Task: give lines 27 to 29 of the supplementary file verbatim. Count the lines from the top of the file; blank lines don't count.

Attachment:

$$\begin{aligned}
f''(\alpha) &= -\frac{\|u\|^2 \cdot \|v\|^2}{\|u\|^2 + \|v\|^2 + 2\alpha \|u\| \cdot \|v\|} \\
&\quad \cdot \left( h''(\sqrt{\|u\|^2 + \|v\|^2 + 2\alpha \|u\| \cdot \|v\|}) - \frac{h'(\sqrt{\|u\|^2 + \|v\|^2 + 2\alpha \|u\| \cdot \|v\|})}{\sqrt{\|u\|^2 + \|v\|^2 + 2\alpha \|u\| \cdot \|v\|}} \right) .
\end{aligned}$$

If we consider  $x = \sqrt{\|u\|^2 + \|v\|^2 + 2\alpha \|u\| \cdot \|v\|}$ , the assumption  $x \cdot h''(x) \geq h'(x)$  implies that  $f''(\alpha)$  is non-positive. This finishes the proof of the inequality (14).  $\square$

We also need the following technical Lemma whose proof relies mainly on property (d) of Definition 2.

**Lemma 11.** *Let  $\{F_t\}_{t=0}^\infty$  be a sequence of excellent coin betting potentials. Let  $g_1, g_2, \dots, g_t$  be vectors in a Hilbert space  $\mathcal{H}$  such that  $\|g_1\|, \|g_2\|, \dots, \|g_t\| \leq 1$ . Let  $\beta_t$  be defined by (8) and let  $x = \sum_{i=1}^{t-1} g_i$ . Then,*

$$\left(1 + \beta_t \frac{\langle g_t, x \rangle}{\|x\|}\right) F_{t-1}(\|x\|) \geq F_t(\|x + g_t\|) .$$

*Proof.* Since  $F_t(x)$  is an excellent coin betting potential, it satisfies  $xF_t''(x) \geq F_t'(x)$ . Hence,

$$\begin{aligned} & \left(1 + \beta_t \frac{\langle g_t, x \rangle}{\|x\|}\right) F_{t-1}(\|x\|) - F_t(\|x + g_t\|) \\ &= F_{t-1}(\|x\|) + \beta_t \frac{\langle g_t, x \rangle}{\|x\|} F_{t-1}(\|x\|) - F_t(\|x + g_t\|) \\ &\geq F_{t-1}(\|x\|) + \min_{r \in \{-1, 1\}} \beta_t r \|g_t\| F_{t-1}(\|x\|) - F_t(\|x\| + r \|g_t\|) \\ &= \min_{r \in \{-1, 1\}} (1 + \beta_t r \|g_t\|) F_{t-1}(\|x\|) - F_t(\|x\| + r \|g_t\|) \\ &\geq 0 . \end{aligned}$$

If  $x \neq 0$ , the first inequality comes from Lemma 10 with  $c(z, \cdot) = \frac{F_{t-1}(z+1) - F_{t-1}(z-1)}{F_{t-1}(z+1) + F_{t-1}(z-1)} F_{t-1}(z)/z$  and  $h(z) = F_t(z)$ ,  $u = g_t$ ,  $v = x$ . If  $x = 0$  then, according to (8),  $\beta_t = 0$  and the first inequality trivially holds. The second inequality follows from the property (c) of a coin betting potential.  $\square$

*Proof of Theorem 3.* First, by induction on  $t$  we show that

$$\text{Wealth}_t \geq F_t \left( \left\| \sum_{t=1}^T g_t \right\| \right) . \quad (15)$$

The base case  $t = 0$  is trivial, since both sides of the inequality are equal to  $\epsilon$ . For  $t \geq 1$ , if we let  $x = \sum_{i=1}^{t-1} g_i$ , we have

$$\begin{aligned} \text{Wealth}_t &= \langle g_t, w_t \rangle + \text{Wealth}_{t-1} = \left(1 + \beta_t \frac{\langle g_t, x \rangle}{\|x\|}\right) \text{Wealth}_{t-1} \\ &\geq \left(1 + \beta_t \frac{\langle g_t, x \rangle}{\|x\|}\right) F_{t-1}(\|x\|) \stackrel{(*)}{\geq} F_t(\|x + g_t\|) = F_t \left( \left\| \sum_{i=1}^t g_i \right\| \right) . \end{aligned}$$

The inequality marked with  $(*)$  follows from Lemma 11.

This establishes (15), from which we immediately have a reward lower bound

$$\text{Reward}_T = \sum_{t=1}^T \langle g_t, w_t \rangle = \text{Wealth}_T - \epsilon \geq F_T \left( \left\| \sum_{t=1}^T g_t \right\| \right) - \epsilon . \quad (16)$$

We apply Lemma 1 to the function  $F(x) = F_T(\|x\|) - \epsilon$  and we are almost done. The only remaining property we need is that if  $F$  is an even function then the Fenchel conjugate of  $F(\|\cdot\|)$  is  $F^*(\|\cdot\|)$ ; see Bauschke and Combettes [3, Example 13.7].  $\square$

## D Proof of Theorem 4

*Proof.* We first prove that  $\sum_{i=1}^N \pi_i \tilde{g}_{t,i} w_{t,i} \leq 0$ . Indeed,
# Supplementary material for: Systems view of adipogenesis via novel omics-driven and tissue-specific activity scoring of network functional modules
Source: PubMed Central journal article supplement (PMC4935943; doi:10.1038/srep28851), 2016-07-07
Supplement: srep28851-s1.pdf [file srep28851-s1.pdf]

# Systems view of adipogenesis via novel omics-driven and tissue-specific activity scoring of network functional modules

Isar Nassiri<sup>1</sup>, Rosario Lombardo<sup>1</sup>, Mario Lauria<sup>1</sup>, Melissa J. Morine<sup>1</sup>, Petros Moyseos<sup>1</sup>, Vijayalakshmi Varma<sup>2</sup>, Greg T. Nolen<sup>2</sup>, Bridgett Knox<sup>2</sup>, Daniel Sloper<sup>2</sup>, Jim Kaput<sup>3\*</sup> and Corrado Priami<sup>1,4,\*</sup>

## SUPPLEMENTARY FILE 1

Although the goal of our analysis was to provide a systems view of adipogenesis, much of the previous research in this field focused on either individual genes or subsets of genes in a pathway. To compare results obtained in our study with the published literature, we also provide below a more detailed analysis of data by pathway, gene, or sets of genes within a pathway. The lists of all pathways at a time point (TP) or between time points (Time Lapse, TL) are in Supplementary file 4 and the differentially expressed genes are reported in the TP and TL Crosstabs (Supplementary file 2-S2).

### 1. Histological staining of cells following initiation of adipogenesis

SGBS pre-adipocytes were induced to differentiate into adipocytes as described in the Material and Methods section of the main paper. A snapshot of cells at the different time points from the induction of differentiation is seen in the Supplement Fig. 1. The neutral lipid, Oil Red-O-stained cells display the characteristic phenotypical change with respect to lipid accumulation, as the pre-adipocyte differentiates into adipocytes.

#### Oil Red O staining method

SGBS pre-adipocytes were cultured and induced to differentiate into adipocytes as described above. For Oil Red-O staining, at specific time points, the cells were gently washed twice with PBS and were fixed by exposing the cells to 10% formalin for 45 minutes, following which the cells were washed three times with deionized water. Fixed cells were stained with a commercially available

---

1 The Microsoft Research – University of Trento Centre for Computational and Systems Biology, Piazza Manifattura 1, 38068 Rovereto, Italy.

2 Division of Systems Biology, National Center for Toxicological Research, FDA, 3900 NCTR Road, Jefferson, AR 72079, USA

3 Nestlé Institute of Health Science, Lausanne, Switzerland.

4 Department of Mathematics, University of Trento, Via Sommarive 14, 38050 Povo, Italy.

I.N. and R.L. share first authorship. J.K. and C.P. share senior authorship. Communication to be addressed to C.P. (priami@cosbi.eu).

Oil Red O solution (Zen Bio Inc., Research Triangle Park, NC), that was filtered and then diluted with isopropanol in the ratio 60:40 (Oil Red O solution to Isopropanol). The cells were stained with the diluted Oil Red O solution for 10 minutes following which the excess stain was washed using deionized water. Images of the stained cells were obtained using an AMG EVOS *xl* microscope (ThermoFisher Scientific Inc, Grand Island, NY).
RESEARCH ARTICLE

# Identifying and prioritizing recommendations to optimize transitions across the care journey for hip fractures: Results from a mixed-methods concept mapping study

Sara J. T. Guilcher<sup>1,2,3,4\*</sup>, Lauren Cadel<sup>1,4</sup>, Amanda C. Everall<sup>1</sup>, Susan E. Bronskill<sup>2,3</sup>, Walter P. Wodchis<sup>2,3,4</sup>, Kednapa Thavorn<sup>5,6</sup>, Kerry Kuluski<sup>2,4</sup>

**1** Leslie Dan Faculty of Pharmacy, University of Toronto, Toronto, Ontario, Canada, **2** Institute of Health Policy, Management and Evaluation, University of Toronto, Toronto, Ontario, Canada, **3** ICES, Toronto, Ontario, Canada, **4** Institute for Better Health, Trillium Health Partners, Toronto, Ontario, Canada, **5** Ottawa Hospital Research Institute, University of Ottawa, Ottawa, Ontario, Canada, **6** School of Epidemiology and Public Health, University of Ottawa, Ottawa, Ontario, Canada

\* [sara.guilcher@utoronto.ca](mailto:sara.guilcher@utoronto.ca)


## SUPPLEMENTARY FILE 1

Although the goal of our analysis was to provide a systems view of adipogenesis, much of the previous research in this field focused on either individual genes or subsets of genes in a pathway. To compare results obtained in our study with the published literature, we also provide below a more detailed analysis of data by pathway, gene, or sets of genes within a pathway. The lists of all pathways at a time point (TP) or between time points (Time Lapse, TL) are in Supplementary file 4 and the differentially expressed genes are reported in the TP and TL Crosstabs (Supplementary file 2-S2).

### 1. Histological staining of cells following initiation of adipogenesis